Or maybe, time travelers will never decide to come back and alter reality

Changing the events of the past may risk destroying the future. Time travelers could decide to lock themselves to their reality because any change they make in the past might set forth a butterfly effect detrimental to their existence. Maybe we actually don’t live in a perfect reality; time travelers are simply too scared to come back here because they fear unpredictability.

Maybe, time travelers could have computers powerful enough to calculate every possible outcome of an event that could happen in the future.

It’s quite logical that in the future, humans could have invented a computer so powerful that it can model the complexities of fate and human decision. The reason why we often feel like we’re living in a terrible reality is probably due to the fact that we’ve not even come close to seeing the worst. Maybe the things we consider tragedies, like the World Wars, could have been orchestrated simply to drive the industrial and technological revolution we know that ensued. The idea of the people from the future altering our reality is something to think about.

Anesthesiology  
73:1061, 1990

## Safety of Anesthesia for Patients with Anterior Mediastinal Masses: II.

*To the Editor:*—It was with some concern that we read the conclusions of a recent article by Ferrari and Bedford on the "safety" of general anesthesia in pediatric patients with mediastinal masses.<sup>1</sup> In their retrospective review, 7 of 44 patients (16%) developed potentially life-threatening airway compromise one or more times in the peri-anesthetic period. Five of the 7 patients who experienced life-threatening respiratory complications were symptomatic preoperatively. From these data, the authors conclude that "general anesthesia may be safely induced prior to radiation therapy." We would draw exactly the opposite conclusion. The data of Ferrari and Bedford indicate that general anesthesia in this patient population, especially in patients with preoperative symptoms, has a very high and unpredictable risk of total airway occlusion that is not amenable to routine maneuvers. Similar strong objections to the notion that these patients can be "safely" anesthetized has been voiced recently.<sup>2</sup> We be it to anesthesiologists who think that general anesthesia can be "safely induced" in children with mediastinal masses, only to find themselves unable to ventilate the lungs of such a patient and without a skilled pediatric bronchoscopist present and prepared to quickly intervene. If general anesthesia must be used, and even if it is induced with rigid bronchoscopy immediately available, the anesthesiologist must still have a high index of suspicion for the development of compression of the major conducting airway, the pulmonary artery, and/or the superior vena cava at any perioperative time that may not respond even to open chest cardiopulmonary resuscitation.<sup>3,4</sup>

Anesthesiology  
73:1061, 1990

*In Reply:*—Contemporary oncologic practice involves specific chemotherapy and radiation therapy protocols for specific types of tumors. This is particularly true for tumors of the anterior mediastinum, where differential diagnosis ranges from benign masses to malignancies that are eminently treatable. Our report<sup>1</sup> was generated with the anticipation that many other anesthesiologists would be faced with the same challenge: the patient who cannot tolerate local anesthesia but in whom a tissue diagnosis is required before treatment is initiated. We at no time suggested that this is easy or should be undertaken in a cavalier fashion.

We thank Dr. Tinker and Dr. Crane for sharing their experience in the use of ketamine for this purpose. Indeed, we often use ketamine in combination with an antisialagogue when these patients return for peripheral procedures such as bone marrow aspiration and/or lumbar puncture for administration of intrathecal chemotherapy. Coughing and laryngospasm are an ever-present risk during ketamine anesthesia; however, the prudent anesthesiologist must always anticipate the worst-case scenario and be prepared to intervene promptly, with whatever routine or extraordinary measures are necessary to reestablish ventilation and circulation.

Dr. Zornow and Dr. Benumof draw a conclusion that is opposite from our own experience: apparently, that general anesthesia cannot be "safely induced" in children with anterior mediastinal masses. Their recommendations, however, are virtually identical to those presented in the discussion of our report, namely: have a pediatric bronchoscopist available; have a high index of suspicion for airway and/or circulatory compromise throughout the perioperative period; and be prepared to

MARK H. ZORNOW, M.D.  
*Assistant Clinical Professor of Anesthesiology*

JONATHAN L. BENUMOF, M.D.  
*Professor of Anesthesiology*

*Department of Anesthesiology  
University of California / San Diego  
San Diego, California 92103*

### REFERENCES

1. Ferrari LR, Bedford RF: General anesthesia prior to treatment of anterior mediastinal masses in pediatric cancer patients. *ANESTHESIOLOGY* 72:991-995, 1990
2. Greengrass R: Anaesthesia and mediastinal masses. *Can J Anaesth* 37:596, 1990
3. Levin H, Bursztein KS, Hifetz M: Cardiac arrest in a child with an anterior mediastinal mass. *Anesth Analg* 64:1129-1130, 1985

Shower thought #1 — November 25, 2019
Is it prudent to discuss Indian politics publicly nowadays? — October 21, 2019

Is it prudent to discuss Indian politics publicly nowadays?

2019 has been — to say the very least — an interesting year for India. The current administration, unlike most others before, has been on a constant roll of implementing policies that were formerly considered pipe dreams, including GST, demonetization, the reunification of the JnK region and, of course, the NRC and CAA bills. Not all of them were necessarily successful, but a government that actively creates change is considered a sign of a healthy democracy for some.

Notwithstanding all the achievements of the administration, there’s a record they set that is very worrying. The internet has been shut down 95 times in India this year.

The government must not have the autocratic right to deny access to information and communication.